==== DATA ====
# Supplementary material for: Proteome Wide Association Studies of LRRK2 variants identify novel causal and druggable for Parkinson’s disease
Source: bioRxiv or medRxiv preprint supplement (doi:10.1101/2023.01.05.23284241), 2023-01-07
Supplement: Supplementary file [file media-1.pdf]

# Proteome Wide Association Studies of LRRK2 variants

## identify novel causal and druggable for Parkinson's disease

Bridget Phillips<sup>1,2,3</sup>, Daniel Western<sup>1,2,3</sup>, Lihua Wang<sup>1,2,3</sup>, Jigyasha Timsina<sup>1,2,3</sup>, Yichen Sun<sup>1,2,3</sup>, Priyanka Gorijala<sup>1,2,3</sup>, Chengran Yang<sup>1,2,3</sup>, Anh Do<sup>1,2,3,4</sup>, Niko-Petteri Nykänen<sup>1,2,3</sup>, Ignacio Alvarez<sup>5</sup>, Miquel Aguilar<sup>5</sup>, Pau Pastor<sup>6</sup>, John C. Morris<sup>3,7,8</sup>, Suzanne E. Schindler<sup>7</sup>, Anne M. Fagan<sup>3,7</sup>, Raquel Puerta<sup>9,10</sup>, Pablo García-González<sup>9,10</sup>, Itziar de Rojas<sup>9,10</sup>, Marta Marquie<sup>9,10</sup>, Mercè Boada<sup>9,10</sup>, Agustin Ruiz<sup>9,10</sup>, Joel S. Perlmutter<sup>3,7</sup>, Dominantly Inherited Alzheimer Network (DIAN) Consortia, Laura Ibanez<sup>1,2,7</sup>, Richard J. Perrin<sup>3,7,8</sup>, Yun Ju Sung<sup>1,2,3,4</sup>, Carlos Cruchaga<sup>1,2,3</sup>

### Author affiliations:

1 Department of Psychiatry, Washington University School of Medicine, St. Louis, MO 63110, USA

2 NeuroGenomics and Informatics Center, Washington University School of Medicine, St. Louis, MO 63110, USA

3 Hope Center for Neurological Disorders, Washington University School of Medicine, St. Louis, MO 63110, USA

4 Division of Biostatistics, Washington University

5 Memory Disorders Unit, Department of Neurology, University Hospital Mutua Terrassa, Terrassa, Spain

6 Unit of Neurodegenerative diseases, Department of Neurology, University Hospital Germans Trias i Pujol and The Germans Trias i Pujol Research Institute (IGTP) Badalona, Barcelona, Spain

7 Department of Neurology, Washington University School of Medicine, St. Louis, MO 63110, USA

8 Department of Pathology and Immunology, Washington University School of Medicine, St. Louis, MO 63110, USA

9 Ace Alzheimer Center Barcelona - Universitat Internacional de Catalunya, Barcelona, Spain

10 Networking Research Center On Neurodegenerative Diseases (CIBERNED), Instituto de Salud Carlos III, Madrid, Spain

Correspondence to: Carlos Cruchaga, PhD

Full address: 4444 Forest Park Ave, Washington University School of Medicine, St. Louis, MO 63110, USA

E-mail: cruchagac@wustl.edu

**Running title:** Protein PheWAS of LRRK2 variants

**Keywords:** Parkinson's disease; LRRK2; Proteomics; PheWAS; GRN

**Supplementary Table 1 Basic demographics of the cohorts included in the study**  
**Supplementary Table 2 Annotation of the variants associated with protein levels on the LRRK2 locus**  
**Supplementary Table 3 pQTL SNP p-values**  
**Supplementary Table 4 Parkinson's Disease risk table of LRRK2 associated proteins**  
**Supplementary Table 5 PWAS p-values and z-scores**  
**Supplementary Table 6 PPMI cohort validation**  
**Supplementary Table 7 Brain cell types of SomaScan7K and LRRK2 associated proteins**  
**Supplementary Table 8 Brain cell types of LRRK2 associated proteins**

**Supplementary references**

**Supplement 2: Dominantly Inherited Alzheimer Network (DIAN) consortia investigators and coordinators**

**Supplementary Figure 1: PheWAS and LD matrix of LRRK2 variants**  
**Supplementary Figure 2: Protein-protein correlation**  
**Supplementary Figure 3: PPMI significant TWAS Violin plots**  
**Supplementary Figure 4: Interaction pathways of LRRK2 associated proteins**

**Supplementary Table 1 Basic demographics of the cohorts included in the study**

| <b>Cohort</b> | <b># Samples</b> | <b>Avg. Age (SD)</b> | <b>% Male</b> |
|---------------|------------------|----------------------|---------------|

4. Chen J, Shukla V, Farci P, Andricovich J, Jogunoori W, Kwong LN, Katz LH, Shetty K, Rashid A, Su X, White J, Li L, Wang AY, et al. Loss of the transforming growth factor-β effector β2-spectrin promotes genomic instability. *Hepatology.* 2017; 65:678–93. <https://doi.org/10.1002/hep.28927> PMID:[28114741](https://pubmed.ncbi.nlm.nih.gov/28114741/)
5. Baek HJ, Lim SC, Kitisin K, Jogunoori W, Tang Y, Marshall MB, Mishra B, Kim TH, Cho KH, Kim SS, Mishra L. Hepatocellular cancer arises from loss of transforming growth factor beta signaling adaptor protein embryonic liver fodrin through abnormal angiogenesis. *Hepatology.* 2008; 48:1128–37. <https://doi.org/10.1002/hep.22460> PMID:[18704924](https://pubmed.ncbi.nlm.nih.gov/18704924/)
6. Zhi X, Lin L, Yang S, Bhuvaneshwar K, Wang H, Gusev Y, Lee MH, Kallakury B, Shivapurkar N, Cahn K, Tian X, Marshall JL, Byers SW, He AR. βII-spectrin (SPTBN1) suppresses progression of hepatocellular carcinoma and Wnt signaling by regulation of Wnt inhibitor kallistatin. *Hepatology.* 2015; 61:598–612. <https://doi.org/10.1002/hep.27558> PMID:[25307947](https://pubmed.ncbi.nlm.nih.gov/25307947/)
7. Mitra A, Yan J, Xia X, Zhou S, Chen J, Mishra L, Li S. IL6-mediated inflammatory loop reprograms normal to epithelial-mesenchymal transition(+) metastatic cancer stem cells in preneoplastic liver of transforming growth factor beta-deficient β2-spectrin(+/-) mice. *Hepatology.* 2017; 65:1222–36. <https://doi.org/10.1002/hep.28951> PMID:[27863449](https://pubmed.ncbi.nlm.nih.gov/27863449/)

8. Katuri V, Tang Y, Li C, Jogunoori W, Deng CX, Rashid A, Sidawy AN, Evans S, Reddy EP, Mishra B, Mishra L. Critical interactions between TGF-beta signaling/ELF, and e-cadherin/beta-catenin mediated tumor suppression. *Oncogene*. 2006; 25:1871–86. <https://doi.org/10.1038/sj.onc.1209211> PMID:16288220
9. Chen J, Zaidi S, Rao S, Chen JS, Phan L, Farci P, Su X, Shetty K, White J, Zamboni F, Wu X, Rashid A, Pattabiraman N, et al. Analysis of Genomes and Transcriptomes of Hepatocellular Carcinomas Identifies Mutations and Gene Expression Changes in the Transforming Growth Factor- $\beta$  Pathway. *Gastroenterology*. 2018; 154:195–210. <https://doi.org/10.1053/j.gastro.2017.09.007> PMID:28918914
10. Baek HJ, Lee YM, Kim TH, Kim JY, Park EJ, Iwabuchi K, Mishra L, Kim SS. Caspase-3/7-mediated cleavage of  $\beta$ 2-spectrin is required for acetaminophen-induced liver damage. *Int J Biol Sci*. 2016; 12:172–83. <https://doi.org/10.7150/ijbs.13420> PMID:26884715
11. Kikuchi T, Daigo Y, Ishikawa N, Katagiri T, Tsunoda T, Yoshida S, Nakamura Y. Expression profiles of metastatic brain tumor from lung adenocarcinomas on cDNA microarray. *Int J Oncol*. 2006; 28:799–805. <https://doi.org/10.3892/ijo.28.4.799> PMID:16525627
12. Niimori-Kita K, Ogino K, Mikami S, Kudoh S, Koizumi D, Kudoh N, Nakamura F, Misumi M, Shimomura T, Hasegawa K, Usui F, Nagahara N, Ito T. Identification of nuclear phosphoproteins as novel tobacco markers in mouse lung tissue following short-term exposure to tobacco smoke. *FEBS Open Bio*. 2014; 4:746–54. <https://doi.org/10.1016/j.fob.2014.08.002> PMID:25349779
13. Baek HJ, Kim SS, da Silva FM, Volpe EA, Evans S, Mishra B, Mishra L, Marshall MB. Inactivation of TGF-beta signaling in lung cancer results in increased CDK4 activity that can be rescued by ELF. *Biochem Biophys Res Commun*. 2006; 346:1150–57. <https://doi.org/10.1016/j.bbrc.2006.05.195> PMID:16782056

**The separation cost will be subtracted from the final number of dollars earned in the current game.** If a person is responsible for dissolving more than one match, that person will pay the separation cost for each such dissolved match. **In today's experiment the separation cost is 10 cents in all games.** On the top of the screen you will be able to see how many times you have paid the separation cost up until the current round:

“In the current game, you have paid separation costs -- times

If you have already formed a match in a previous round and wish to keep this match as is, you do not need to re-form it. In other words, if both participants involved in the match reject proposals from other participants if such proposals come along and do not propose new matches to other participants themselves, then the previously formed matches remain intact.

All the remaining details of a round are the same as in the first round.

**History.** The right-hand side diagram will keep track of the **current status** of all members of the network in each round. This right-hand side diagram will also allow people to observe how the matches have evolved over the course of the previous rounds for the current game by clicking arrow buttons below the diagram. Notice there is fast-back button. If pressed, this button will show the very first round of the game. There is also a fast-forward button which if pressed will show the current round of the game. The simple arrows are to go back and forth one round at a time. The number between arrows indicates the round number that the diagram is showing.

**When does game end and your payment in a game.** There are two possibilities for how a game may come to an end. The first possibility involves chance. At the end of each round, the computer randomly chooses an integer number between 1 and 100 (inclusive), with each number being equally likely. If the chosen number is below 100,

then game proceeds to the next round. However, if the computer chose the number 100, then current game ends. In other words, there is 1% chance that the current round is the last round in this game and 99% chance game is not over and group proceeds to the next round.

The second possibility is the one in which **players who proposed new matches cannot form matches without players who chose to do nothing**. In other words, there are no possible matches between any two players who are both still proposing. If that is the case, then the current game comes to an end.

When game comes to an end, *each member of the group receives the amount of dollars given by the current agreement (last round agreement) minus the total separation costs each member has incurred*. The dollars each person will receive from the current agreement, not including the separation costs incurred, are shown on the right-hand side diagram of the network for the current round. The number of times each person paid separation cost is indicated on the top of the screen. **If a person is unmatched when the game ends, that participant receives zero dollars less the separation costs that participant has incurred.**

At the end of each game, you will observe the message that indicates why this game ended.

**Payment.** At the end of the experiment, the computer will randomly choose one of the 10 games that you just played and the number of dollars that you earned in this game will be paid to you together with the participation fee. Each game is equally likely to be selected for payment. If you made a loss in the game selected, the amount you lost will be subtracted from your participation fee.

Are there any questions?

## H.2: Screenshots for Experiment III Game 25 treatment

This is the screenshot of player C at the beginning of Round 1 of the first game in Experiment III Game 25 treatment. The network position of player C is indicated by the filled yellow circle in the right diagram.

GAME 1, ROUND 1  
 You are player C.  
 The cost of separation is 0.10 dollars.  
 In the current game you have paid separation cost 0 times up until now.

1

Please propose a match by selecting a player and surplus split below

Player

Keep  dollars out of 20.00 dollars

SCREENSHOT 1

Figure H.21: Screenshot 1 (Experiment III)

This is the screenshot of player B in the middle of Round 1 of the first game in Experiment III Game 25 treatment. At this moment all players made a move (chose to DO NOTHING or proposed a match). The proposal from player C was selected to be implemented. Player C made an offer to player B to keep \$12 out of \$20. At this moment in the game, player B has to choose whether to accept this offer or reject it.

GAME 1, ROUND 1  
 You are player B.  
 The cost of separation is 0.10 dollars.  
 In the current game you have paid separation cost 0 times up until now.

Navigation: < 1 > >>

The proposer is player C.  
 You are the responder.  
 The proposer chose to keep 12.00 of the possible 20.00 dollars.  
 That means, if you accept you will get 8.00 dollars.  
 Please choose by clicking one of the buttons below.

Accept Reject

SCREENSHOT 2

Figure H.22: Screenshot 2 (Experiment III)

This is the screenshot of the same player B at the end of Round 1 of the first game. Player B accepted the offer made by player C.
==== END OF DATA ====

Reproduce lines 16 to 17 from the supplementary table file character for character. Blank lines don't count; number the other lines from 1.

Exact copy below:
9 Ace Alzheimer Center Barcelona - Universitat Internacional de Catalunya, Barcelona, Spain

10 Networking Research Center On Neurodegenerative Diseases (CIBERNED), Instituto de Salud Carlos III, Madrid, Spain